That post was shared more than 89,000 times in a year. The tweet was originally published on the same date, and it accrued more than 209,000 shares on Twitter:
Remember the piles of wedding rings taken from holocaust victims and how we see it now and wonder how we ever let the violation of human rights get so far well yeah https://t.co/POKdmibgKk
— Clari 💌 (@clarissalule) June 18, 2018
The tweet (and repost) read:
Remember the piles of wedding rings taken from holocaust victims and how we see it now and wonder how we ever let the violation of human rights ever get so far well yeah [link]
Rosaries confiscated from immigrants at the Arizona/Mexico border
In the tweet embedded above, the user compares the confiscated rosaries to “piles” of wedding rings confiscated from Holocaust victims. Those referenced images circulated online in December 2018.
Neither the Facebook version nor the embedded tweet above included the original source link, a March 12 2017 New Yorker article headlined, “A Janitor Preserves the Seized Belongings of Migrants.” Although the image struck a chord in 2018 and 2019, the story was originally published in March 2017. Moreover, the items were collected throughout the previous decade, beginning in 2007:
Tom Kiefer was a Customs and Border Protection janitor for almost four years before he took a good look inside the trash. Every day at work — at the C.B.P. processing center in Ajo, Arizona, less than fifty miles from the border with Mexico — he would throw away bags full of items confiscated from undocumented migrants apprehended in the desert. One day in 2007, he was rummaging through these bags looking for packaged food, which he’d received permission to donate to a local pantry. In the process, he also noticed toothbrushes, rosaries, pocket Bibles, water bottles, keys, shoelaces, razors, mix CDs, condoms, contraceptive pills, sunglasses, keys: a vibrant, startling testament to the lives of those who had been detained or deported. Without telling anyone, Kiefer began collecting the items, stashing them in sorted piles in the garages of friends. “I didn’t know what I was going to do,” he told me recently. “But I knew there was something to be done.”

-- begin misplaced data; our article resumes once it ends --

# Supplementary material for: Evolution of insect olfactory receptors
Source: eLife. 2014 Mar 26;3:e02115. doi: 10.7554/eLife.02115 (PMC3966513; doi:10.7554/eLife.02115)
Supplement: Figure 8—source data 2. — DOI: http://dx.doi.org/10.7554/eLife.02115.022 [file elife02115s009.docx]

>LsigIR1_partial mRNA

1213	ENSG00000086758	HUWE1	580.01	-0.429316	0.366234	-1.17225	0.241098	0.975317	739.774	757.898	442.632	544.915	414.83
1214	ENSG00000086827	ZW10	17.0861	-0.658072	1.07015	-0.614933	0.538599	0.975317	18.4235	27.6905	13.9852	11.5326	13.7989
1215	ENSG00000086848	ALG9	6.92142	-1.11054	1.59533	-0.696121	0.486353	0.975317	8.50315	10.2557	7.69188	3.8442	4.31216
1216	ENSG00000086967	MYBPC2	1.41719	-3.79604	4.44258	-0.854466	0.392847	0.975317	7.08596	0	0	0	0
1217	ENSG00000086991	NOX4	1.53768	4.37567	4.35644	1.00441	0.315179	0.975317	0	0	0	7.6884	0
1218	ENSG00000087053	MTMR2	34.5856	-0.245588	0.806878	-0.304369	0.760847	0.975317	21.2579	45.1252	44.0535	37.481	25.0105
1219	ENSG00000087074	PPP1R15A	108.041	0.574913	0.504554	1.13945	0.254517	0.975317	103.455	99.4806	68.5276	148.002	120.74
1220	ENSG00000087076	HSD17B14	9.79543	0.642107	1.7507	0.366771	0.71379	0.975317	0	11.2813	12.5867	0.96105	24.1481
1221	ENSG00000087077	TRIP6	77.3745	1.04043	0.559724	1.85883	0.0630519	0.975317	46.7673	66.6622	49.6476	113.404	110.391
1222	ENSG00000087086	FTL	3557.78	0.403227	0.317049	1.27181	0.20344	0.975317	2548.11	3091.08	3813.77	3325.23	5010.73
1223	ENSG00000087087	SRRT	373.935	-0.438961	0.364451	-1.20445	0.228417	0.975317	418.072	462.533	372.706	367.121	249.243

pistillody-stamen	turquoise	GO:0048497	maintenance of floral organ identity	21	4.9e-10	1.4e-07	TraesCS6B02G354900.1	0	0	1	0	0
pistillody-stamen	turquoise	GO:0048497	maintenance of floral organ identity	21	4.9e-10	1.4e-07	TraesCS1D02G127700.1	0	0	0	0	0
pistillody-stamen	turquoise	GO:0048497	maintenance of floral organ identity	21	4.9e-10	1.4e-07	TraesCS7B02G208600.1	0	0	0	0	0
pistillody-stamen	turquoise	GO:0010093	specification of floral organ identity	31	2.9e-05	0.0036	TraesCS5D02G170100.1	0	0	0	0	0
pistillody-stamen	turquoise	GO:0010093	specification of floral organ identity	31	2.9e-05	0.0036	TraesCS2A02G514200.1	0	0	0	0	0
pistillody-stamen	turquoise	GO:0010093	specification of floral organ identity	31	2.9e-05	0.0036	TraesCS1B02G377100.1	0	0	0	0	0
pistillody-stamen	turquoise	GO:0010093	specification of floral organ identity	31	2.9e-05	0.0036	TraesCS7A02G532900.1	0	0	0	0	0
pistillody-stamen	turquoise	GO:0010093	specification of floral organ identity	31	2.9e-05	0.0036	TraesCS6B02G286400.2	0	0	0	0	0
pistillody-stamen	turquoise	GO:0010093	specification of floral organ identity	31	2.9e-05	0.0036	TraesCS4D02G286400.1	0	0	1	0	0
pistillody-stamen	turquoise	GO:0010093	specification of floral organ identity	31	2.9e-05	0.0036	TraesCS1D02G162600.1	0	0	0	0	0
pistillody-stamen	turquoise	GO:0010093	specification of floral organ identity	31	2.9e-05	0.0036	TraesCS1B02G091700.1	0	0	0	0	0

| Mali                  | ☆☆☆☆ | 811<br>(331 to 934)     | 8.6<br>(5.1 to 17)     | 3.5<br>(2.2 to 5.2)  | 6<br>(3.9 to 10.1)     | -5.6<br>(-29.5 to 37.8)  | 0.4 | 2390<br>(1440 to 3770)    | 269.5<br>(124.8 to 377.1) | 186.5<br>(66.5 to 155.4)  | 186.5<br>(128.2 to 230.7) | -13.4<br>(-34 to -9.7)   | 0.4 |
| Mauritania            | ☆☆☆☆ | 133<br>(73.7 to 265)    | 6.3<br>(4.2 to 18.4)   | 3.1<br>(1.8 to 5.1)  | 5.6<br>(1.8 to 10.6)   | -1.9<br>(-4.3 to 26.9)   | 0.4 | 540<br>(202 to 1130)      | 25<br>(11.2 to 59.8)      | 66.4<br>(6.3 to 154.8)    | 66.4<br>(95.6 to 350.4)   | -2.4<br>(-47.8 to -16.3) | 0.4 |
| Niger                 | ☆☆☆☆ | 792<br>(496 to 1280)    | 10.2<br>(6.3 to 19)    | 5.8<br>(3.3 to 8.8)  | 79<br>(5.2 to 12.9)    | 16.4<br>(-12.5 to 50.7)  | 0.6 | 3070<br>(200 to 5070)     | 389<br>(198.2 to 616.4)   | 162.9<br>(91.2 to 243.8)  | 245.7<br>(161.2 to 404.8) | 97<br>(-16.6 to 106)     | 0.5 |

A gallery of images showing items collected by Kiefer included toilet paper, toothbrushes and toothpaste, condoms, wallets, and rosaries:
[Customs and Border Control] considers rosaries to be potentially lethal, non-essential personal property, and agents dispose of them during intake.
As the story goes on to explain, Kiefer quit his job in 2014 — several years before “zero tolerance” border policy and family separations were first announced in April 2018:
In 2014—after more than a decade working with C.B.P., and after seven years of sneaking out the trash—Kiefer quit his job to work on “El Sueño Americano” full-time. One day in Ajo, he ran into a secretary from his old job: the C.B.P. agents, she told him, were “furious” that he’d spent his on-the-clock time “stealing” government property for a private project. Working in his studio today—picking the next set of objects to photograph, arranging them just so—he thinks about his old colleagues at the border. Some were nice people, as far as he could tell; others, he felt sure, would be taking Trump’s anti-immigrant invective as license for new cruelties. Kiefer, for his part, has thrown away none of the possessions he collected. Maybe, he says, they could someday be housed in some sort of Arizonan Museum of Migration. Barring that, he plans to keep them.
Although the image is authentic and unaltered, it was worth noting that the confiscated items (wallets, condoms, and blankets among them) were gathered at some point between 2007 and 2014, well before the election of U.S. President Donald Trump and implementation of his policies. The image was interpreted outside of that context, but nevertheless, it is real.